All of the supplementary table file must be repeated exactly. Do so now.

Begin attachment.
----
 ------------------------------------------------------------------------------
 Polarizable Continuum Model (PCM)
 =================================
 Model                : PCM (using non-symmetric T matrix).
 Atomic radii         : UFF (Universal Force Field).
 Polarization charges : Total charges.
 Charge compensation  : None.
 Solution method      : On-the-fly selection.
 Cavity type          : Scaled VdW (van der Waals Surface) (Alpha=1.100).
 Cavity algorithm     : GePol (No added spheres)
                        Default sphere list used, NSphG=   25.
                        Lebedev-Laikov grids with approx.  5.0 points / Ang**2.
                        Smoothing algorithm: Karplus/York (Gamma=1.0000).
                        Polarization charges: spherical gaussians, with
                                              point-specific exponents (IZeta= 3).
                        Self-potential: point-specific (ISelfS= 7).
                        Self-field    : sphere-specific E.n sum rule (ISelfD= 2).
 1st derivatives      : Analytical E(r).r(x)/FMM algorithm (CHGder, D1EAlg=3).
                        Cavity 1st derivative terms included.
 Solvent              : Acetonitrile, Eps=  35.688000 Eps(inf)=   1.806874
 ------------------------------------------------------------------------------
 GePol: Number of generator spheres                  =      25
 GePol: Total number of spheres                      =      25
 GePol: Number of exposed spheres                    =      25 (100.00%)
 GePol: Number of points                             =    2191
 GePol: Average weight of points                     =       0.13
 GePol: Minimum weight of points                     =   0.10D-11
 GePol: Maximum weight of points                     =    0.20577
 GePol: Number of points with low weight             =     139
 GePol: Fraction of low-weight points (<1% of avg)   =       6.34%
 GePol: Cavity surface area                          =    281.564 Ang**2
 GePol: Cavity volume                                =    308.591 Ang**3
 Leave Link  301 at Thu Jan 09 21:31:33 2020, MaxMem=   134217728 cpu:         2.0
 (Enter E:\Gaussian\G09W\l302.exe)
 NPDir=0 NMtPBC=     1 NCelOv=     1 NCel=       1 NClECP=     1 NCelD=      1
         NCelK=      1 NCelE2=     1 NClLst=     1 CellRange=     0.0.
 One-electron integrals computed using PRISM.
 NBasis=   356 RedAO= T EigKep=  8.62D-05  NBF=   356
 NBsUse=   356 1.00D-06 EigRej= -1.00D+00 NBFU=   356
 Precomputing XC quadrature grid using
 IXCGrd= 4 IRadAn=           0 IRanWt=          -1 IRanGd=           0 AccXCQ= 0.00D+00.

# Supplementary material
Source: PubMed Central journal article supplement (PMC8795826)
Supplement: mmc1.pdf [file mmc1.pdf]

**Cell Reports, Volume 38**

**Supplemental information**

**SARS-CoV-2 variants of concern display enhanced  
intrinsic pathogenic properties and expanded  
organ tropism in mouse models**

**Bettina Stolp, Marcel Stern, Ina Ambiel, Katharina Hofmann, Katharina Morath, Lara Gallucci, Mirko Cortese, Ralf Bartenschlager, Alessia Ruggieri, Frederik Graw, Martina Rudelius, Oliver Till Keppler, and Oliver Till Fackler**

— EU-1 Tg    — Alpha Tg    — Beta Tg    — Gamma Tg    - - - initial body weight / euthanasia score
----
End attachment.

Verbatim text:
 ------------------------------------------------------------------------------
 Polarizable Continuum Model (PCM)
 =================================
 Model                : PCM (using non-symmetric T matrix).
 Atomic radii         : UFF (Universal Force Field).
 Polarization charges : Total charges.
 Charge compensation  : None.
 Solution method      : On-the-fly selection.
 Cavity type          : Scaled VdW (van der Waals Surface) (Alpha=1.100).
 Cavity algorithm     : GePol (No added spheres)
                        Default sphere list used, NSphG=   25.
                        Lebedev-Laikov grids with approx.  5.0 points / Ang**2.
                        Smoothing algorithm: Karplus/York (Gamma=1.0000).
                        Polarization charges: spherical gaussians, with
                                              point-specific exponents (IZeta= 3).
                        Self-potential: point-specific (ISelfS= 7).
                        Self-field    : sphere-specific E.n sum rule (ISelfD= 2).
 1st derivatives      : Analytical E(r).r(x)/FMM algorithm (CHGder, D1EAlg=3).
                        Cavity 1st derivative terms included.
 Solvent              : Acetonitrile, Eps=  35.688000 Eps(inf)=   1.806874
 ------------------------------------------------------------------------------
 GePol: Number of generator spheres                  =      25
 GePol: Total number of spheres                      =      25
 GePol: Number of exposed spheres                    =      25 (100.00%)
 GePol: Number of points                             =    2191
 GePol: Average weight of points                     =       0.13
 GePol: Minimum weight of points                     =   0.10D-11
 GePol: Maximum weight of points                     =    0.20577
 GePol: Number of points with low weight             =     139
 GePol: Fraction of low-weight points (<1% of avg)   =       6.34%
 GePol: Cavity surface area                          =    281.564 Ang**2
 GePol: Cavity volume                                =    308.591 Ang**3
 Leave Link  301 at Thu Jan 09 21:31:33 2020, MaxMem=   134217728 cpu:         2.0
 (Enter E:\Gaussian\G09W\l302.exe)
 NPDir=0 NMtPBC=     1 NCelOv=     1 NCel=       1 NClECP=     1 NCelD=      1
         NCelK=      1 NCelE2=     1 NClLst=     1 CellRange=     0.0.
 One-electron integrals computed using PRISM.
 NBasis=   356 RedAO= T EigKep=  8.62D-05  NBF=   356
 NBsUse=   356 1.00D-06 EigRej= -1.00D+00 NBFU=   356
 Precomputing XC quadrature grid using
 IXCGrd= 4 IRadAn=           0 IRanWt=          -1 IRanGd=           0 AccXCQ= 0.00D+00.

# Supplementary material
Source: PubMed Central journal article supplement (PMC8795826)
Supplement: mmc1.pdf [file mmc1.pdf]

**Cell Reports, Volume 38**

**Supplemental information**

**SARS-CoV-2 variants of concern display enhanced  
intrinsic pathogenic properties and expanded  
organ tropism in mouse models**

**Bettina Stolp, Marcel Stern, Ina Ambiel, Katharina Hofmann, Katharina Morath, Lara Gallucci, Mirko Cortese, Ralf Bartenschlager, Alessia Ruggieri, Frederik Graw, Martina Rudelius, Oliver Till Keppler, and Oliver Till Fackler**

— EU-1 Tg    — Alpha Tg    — Beta Tg    — Gamma Tg    - - - initial body weight / euthanasia score